Television is too parochial, claims charity group

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The Independent Online

British televison has become increasingly insular over the past decade, according to a wide-ranging study published today. There are now far fewer international factual programmes on our screens, and those that appear tend to be about travel or wildlife rather than culture or current affairs.

British televison has become increasingly insular over the past decade, according to a wide-ranging study published today. There are now far fewer international factual programmes on our screens, and those that appear tend to be about travel or wildlife rather than culture or current affairs.

Channel 4 and Channel 5 and ITV are named as the worst offenders in "dumbing down" international factual programming, so far that both ITV and Channel 5 are in danger of falling short of their licence obligations to provide "diversity" in programming.

Commissioned by 3WE, a group of charities including Oxfam, the World Wide Fund for Nature and Christian Aid, the research finds the amount of international factual programming has dropped by 42 per cnet in the past decade, while 58 per cent of the remaining programmes are about travel or wildlife.

ITV's record is so bad that it could run into trouble with the Independent Television Commission (ITC), which grants its licence to broadcast, the report finds. The network's output of international documentaries fell by more than half to just 64 hours during 1998-99.

The report laments the passing of ITV's First Tuesday strand, which "every month showcased important documentaries, including the October 1988 Afghansti on Soviet conscripts serving in Afghanistan".

Channel 5 is also condemned for its pitiful lack of international factual programmes. These are almost exclusively old wildlife films, many made up to 25 years ago for Anglia Television's Survival strand. The few additional foreign programmes are dominated by travel shows such as Russell Grant's Postcards.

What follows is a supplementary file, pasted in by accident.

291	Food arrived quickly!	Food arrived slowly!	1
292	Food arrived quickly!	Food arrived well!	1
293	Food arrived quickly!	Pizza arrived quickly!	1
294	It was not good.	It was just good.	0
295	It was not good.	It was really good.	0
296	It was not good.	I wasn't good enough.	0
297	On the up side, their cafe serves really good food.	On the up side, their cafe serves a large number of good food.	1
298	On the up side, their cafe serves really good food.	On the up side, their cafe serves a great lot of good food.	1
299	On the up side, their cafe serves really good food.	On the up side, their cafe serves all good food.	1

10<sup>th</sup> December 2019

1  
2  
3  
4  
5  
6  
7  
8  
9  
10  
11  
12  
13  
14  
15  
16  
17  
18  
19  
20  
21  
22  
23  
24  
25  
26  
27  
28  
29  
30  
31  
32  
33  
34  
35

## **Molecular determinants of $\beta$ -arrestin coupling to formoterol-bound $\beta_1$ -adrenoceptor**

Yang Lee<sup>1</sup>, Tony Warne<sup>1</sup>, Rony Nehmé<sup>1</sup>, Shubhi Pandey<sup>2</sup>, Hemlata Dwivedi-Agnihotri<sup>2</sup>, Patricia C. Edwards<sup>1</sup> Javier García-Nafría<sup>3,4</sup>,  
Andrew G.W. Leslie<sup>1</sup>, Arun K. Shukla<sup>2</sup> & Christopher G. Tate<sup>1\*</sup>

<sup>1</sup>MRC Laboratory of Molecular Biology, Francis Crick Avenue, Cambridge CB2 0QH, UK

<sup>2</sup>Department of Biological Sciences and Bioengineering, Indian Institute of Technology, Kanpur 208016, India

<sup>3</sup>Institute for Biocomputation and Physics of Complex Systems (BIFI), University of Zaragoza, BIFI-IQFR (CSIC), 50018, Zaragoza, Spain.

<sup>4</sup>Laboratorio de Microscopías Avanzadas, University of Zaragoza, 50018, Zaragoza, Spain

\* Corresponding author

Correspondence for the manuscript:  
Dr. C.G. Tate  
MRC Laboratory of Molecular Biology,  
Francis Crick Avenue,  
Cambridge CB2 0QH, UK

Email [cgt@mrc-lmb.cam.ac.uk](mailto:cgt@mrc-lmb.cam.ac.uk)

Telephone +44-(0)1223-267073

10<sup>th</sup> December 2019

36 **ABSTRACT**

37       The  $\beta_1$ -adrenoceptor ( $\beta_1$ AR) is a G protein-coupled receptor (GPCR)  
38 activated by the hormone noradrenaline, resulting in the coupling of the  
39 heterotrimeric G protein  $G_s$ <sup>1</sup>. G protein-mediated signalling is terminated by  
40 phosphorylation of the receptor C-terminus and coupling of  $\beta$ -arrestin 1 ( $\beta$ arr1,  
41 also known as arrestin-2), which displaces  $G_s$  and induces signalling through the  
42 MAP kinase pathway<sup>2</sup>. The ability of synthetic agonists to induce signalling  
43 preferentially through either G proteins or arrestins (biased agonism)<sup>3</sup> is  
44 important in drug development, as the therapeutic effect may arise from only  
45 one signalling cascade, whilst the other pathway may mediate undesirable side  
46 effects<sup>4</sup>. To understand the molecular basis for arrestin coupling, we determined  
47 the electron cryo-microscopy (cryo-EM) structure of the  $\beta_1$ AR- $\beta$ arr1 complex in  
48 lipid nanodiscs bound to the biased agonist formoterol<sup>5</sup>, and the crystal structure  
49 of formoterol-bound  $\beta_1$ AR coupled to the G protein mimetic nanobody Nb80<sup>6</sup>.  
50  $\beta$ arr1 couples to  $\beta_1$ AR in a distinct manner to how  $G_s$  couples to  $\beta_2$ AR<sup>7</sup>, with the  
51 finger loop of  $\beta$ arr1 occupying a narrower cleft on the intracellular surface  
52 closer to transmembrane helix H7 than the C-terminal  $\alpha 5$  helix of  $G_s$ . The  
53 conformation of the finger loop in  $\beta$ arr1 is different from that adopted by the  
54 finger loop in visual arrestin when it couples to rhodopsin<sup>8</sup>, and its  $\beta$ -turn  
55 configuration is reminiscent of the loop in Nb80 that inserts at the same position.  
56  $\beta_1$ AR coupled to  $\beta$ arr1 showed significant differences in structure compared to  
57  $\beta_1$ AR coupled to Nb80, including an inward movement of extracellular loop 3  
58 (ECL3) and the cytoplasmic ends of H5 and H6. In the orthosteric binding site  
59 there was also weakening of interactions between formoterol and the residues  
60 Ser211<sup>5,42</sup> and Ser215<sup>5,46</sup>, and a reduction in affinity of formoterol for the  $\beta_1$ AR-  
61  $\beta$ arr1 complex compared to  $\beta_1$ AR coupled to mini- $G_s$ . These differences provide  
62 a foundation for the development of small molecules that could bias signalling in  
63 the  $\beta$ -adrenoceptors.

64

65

Although Channel 5's licence requires one hour a week of national and international affairs, the report finds that "at present it appears to be providing no international current affairs at all".

Channel 4 is also criticised. Overall, its international factual programming has almost halved, and there were almost no international subjects in its highly regarded Dispatches reports last year.

This, the study states, is in sharp contrast to 10 years ago when in the Dispatches strand there was "a clandestine report from inside Tibet and an instant report on the collapse of the Czech communist regime".

Also, The World This Week, the channel's excellent international current affairs magazine, has disappeared.

A decade ago, the report observes, there seemed to be space available on Channel 4 for non-British perspectives, including the 50 programmes and films commissioned for the Soviet Spring season. "These genuinely international perspectives seem to be missing in Channel 4's schedules", the report says.

The record on factual programmes on developing countries is even worse, and has fallen by almost 50 per cent since 1989. BBC1's output has also dropped, by 28 per cent, and BBC2's by 37 per cent.

One important mitigating factor, however, is that the decline in international factual programming has been measured against 1989 - a year in which there was an unusually high amount, partly because of the brutal crushing of the democracy movement in Tiananmen Square, Peking, and the overthrow of communism in eastern Europe.

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